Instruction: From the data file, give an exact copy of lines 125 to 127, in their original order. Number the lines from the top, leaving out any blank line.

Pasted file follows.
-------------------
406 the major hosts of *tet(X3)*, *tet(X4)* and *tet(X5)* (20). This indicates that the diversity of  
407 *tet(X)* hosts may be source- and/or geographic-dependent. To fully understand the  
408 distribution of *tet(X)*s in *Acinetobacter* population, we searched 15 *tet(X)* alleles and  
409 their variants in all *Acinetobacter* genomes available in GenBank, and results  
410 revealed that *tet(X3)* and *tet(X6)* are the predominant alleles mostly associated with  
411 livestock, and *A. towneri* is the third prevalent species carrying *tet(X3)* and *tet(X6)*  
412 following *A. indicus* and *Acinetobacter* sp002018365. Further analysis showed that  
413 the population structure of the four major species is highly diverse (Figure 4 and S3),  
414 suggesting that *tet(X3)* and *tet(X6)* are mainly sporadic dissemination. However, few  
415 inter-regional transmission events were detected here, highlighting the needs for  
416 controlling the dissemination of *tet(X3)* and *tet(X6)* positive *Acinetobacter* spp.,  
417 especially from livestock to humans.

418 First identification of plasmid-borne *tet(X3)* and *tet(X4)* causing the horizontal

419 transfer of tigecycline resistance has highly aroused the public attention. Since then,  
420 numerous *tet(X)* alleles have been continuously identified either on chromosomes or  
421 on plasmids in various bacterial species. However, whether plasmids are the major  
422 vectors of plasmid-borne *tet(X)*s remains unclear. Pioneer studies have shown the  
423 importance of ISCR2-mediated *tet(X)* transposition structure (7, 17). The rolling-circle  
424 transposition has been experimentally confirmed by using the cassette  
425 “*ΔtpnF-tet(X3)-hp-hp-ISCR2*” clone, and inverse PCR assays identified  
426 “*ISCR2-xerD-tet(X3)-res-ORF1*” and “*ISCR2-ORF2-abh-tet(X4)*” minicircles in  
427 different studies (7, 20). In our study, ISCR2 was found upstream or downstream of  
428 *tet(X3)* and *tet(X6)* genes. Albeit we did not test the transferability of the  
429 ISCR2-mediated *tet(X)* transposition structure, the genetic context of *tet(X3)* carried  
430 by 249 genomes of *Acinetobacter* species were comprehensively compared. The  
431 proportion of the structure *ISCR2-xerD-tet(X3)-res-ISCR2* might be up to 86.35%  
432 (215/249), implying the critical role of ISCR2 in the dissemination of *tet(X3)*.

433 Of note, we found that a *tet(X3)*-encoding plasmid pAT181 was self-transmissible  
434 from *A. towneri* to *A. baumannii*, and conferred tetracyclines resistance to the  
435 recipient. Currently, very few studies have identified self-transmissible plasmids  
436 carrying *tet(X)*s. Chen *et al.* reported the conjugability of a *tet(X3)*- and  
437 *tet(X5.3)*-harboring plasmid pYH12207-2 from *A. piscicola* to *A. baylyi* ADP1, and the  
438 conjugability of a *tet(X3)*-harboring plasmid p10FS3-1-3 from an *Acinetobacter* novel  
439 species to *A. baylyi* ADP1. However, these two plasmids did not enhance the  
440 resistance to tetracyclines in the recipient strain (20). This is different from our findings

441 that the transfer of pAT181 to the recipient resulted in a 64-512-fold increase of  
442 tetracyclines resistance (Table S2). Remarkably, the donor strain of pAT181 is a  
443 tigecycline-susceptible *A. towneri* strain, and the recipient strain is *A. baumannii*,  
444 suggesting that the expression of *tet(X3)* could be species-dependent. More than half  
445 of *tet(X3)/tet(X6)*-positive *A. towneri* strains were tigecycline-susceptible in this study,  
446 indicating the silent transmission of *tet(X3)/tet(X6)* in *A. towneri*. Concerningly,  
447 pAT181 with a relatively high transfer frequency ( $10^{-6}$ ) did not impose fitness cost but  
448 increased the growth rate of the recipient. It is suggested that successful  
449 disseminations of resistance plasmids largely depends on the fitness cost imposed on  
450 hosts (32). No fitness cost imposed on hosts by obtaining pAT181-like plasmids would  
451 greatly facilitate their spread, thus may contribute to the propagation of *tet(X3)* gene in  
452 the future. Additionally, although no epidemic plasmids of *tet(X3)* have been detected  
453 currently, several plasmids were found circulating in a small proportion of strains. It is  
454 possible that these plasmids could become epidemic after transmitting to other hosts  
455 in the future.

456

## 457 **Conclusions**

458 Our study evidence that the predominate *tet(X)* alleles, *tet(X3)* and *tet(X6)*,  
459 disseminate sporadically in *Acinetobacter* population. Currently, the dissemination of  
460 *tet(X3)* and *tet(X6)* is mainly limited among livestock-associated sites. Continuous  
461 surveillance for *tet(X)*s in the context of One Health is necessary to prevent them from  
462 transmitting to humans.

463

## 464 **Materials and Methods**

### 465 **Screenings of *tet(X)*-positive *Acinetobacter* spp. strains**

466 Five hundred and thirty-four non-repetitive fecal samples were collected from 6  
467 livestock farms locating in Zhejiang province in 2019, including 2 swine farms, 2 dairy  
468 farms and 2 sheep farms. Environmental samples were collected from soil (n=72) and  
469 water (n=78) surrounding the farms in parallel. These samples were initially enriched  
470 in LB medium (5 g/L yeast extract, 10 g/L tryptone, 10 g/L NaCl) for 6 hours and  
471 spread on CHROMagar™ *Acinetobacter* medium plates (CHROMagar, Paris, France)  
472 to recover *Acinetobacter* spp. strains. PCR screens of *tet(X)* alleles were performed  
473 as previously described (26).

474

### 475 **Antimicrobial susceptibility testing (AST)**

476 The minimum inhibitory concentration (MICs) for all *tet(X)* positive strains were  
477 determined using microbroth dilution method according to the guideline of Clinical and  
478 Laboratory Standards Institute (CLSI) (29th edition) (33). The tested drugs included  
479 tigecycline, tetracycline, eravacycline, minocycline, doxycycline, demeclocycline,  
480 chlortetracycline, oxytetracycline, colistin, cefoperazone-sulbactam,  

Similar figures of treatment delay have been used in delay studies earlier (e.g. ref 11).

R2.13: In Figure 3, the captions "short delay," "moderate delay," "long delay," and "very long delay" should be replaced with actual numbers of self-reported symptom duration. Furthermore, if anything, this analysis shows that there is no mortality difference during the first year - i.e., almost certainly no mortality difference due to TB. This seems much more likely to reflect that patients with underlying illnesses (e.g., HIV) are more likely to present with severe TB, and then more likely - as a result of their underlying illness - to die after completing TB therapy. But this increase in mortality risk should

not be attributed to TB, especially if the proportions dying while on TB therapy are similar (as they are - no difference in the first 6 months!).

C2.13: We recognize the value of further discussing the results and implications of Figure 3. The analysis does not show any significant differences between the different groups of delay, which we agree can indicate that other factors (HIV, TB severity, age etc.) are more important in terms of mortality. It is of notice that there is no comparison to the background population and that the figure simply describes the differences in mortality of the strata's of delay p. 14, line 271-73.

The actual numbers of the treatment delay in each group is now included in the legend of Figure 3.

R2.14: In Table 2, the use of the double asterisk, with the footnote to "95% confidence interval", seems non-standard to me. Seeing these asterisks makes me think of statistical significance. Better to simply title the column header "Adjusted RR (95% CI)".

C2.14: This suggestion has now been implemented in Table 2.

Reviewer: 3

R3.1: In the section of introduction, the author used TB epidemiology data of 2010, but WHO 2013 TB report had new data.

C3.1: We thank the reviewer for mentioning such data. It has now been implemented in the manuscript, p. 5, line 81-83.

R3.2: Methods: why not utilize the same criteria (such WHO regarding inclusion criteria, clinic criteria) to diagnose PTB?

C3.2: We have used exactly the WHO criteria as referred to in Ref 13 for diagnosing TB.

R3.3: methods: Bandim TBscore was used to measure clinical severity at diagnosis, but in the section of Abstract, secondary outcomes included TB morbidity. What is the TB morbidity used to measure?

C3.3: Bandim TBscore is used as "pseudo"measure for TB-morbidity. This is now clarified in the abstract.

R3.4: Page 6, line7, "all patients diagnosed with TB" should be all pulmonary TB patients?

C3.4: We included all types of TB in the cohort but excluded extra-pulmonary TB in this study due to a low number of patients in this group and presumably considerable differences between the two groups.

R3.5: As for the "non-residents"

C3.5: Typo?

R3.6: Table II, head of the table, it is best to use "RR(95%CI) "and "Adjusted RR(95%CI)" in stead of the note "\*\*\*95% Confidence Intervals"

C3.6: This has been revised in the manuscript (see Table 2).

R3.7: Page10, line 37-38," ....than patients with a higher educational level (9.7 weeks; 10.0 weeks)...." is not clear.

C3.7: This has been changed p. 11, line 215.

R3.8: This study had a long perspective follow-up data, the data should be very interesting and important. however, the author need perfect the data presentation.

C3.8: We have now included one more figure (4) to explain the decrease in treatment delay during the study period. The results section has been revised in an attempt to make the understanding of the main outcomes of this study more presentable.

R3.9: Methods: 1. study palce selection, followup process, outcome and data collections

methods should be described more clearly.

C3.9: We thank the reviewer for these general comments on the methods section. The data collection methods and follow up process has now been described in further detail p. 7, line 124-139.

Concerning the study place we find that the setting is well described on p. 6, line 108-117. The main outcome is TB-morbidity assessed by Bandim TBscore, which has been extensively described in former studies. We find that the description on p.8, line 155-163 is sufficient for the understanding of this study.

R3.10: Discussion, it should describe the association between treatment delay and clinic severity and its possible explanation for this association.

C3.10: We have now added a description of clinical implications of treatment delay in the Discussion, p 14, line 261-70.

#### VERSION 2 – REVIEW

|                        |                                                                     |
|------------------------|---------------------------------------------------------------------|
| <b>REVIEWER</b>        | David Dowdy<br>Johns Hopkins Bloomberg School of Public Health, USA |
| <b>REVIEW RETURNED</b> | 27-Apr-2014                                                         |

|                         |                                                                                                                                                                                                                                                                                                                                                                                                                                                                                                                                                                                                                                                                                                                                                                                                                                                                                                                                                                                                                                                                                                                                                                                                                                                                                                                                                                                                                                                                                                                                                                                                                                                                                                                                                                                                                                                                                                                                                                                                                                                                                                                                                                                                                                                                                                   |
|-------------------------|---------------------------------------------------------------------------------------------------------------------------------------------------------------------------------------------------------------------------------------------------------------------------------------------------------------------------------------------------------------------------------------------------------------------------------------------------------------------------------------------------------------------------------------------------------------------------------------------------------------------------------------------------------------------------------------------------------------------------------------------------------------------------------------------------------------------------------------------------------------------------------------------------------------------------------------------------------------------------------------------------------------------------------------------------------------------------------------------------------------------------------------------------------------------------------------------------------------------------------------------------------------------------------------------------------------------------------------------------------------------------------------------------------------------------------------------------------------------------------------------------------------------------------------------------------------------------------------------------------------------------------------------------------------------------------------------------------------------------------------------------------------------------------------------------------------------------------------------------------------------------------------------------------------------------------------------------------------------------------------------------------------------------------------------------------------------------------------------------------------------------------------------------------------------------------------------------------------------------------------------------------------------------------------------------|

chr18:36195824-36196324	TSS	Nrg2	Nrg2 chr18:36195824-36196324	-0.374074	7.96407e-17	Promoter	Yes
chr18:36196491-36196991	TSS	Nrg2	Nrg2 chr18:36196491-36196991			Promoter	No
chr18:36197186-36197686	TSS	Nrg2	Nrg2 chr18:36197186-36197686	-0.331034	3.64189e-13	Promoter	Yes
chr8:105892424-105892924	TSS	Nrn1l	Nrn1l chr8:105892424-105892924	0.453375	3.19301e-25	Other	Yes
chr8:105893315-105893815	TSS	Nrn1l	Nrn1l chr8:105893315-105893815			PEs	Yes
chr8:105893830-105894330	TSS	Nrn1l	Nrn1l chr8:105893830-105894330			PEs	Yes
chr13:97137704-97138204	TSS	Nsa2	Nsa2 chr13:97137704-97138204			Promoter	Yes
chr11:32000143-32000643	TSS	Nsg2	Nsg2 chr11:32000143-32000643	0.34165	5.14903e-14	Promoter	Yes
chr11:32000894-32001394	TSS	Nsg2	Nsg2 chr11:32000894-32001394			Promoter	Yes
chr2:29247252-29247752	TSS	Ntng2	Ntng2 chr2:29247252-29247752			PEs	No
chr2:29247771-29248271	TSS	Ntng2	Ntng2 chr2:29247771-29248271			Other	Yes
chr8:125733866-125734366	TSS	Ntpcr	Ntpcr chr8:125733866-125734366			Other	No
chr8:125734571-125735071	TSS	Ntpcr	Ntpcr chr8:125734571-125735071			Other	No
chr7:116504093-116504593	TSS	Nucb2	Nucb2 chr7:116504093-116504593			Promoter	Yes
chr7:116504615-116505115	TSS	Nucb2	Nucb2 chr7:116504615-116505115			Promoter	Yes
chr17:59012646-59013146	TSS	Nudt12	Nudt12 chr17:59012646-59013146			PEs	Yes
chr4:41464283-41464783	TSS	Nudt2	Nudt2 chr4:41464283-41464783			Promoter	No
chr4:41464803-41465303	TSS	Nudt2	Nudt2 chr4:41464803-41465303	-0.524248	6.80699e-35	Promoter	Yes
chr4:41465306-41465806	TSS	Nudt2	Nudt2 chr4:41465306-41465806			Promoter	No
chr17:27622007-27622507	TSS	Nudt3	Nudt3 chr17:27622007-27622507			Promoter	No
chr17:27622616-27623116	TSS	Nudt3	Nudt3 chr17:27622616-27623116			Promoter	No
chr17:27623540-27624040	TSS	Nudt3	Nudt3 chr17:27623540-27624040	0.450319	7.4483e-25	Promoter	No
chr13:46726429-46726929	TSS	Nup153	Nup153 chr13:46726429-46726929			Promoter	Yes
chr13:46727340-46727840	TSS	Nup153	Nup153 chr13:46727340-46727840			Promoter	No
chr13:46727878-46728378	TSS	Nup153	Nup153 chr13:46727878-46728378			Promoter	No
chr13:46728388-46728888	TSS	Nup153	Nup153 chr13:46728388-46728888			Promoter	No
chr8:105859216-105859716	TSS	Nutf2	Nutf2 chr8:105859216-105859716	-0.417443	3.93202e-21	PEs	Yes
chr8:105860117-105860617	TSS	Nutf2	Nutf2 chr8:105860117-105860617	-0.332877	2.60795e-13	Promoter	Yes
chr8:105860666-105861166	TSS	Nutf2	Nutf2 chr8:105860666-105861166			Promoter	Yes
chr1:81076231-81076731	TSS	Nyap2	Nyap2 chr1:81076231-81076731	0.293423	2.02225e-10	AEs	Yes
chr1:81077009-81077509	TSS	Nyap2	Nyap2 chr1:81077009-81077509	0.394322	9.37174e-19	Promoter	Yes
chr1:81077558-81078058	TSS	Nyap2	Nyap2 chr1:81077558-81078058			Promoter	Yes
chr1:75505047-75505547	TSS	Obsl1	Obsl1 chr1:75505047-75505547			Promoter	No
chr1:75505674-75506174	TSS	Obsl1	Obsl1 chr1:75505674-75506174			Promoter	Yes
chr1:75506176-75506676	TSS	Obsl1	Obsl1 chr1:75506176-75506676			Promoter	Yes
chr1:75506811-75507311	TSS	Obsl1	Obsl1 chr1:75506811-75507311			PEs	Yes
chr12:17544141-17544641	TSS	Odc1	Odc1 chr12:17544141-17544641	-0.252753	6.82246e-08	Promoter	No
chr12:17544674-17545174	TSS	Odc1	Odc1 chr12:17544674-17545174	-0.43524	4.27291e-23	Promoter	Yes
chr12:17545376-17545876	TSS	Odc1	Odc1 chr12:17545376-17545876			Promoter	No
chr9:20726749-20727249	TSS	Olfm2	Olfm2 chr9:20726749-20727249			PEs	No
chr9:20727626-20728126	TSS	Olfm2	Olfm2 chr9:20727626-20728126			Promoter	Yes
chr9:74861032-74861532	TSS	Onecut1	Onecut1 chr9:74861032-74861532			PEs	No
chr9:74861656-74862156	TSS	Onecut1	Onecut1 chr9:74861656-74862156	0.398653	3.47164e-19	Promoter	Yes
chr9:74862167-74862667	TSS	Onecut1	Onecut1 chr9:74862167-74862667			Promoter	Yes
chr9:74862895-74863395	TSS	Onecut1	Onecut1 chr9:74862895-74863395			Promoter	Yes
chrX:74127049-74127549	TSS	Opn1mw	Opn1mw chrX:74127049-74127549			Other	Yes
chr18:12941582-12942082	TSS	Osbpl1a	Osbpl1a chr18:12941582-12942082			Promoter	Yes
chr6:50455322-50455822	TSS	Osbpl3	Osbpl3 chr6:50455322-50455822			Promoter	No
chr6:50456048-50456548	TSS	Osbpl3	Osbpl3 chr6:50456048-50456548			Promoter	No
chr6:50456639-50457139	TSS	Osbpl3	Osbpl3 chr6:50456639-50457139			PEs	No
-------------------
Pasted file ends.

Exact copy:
chr8:125734571-125735071	TSS	Ntpcr	Ntpcr chr8:125734571-125735071			Other	No
chr7:116504093-116504593	TSS	Nucb2	Nucb2 chr7:116504093-116504593			Promoter	Yes
chr7:116504615-116505115	TSS	Nucb2	Nucb2 chr7:116504615-116505115			Promoter	Yes